• Facilitate free capital flows.

  • Encourage southern Mediterranean rim countries to take on board a wide range of trade-related European Union regulations (customs, standards, competition, protection of intellectual property rights, and so on).

  • Increase economic, social, and cultural cooperation.

Economic Implications for Southern Mediterranean Rim Countries: Costs and Benefits

Short-term costs include substantial trade tax losses

Studies indicate that overall, the new agreements are likely to be beneficial in the long run for the MENA countries involved, although there will be costs in the short to medium term.

First, there will be substantial fiscal revenue losses, owing to the importance of trade taxes in total fiscal revenue (ranging from 2.8 percent of GDP and 13 percent of revenue to 9.5 percent of GDP and 35 percent of fiscal revenue in non-oil MENA countries except Israel) and the dominant position of the European Union in their trade.

Second, costs arising from the loss of preferential trade arrangements would be comparatively high given the share of the European Union in the trade of the southern Mediterranean rim. Losses associated with trade diversion would be minimized by liberalizing simultaneously vis-à-vis the rest of the world in the equally credible and more efficient framework of the WTO.

Finally, there will be short-term adjustment costs both for labor and capital as competition would increase in some industries and factors of production would have to be reallocated. Given the generally high unemployment rates and extensive overmanning in state-owned enterprises in southern Mediterranean rim countries, the loss of employment could create social pressures unless measures are taken to put in place an effective safety net and to finance restructuring and retraining.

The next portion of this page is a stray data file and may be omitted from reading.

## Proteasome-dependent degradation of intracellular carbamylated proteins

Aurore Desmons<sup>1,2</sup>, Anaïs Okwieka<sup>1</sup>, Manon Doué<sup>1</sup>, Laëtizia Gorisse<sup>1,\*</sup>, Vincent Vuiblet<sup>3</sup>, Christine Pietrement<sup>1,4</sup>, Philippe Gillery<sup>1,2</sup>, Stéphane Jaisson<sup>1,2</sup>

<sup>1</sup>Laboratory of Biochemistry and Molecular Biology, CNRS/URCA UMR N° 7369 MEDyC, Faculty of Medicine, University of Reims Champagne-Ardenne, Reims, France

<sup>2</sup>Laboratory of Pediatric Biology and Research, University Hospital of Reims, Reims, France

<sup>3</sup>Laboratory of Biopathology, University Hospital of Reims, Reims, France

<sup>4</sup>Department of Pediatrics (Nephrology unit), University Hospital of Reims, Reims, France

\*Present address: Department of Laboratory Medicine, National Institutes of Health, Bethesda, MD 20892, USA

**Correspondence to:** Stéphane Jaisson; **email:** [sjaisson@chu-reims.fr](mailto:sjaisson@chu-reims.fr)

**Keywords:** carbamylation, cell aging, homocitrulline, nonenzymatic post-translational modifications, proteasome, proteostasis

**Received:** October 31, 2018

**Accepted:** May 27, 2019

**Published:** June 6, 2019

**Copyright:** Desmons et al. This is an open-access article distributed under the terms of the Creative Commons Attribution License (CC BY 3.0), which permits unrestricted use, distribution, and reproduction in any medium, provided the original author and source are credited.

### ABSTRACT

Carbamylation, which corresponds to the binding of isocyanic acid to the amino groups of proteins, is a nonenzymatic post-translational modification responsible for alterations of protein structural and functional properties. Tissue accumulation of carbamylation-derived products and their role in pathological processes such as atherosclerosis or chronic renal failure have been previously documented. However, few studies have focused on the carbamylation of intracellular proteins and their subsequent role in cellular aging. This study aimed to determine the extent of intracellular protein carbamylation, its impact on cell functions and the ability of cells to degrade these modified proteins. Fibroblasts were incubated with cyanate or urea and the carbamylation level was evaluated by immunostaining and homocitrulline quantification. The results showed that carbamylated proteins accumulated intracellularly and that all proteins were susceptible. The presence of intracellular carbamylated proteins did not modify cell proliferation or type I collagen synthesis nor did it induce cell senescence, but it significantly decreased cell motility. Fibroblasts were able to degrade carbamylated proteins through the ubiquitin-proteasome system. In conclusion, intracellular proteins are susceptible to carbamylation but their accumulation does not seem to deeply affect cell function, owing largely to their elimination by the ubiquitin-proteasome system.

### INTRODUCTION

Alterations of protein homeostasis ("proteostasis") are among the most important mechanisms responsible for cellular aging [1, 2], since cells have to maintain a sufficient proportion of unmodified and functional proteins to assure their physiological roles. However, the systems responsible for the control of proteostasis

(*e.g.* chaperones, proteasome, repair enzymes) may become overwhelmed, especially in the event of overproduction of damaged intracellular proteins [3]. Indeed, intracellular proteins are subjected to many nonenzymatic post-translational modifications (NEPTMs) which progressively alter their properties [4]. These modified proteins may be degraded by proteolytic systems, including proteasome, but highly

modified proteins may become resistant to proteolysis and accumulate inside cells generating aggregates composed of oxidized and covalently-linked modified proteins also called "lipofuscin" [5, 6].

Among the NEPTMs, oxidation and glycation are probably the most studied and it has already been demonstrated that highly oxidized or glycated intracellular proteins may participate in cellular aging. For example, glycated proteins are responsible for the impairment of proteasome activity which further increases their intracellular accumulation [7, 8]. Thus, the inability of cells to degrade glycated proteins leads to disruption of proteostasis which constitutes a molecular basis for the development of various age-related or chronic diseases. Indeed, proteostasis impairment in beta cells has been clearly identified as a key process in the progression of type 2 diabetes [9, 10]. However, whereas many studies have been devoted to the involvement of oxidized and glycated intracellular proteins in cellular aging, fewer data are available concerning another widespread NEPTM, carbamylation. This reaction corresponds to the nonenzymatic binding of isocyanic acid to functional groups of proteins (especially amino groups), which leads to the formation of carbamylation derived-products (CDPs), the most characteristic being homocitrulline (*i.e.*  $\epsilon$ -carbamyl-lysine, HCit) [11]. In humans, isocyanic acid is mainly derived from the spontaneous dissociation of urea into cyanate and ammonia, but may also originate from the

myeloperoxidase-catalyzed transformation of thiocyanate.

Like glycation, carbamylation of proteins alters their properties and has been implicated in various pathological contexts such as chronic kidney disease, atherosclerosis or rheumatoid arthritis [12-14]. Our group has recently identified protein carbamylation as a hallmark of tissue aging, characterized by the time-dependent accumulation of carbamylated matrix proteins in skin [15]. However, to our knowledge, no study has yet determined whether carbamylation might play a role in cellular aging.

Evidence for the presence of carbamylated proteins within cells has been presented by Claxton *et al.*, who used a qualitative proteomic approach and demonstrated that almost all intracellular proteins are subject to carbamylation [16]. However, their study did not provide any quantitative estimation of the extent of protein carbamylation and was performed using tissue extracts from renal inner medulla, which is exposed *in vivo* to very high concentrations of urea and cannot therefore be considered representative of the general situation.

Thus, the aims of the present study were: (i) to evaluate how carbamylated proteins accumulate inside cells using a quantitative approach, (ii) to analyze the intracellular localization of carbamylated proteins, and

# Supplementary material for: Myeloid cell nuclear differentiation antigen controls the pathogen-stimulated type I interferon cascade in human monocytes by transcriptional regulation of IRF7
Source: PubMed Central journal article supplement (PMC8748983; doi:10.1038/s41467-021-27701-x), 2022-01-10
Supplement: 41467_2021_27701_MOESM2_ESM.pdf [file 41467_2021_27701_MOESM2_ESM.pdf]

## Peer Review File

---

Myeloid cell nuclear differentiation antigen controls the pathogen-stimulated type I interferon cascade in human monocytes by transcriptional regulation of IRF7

However, an agreement with the European Union could entail sufficient benefits to offset the short-run costs (Hoekman and Djankov, 1995).

First, there would be opportunities for deep integration, as the European Union’s association agreements cover a range of issues going well beyond trade. Benefits would not only arise from reducing tariffs and nontariff barriers; there are additional dimensions: liberalization could extend to services; technological transfers would improve product quality; the harmonization of product quality standards would render products more marketable in the European Union; there would be increased efficiency in trading, owing to improvements in telecommunications and transport; and the harmonization of regulatory regimes and administrative requirements with the European Union would facilitate trade, promote investment, and enhance competition in domestic markets. Moreover, increased financial, technological, and technical assistance would be forthcoming, facilitating a modernization of the southern Mediterranean rim countries’ productive base.

Second, the association agreements would contribute to “lock in” reforms, anchor expectations, and enhance credibility, thus attracting more foreign direct investment. The credibility derives from the formal nature of the treaties and the availability of financial and technical assistance from the European Union to help implement the needed structural reforms. Credibility would also be enhanced by undertaking commitments going beyond minimum WTO requirements in the areas of investment, services, or increasing market access.

Structural reforms beyond trade liberalization increase benefits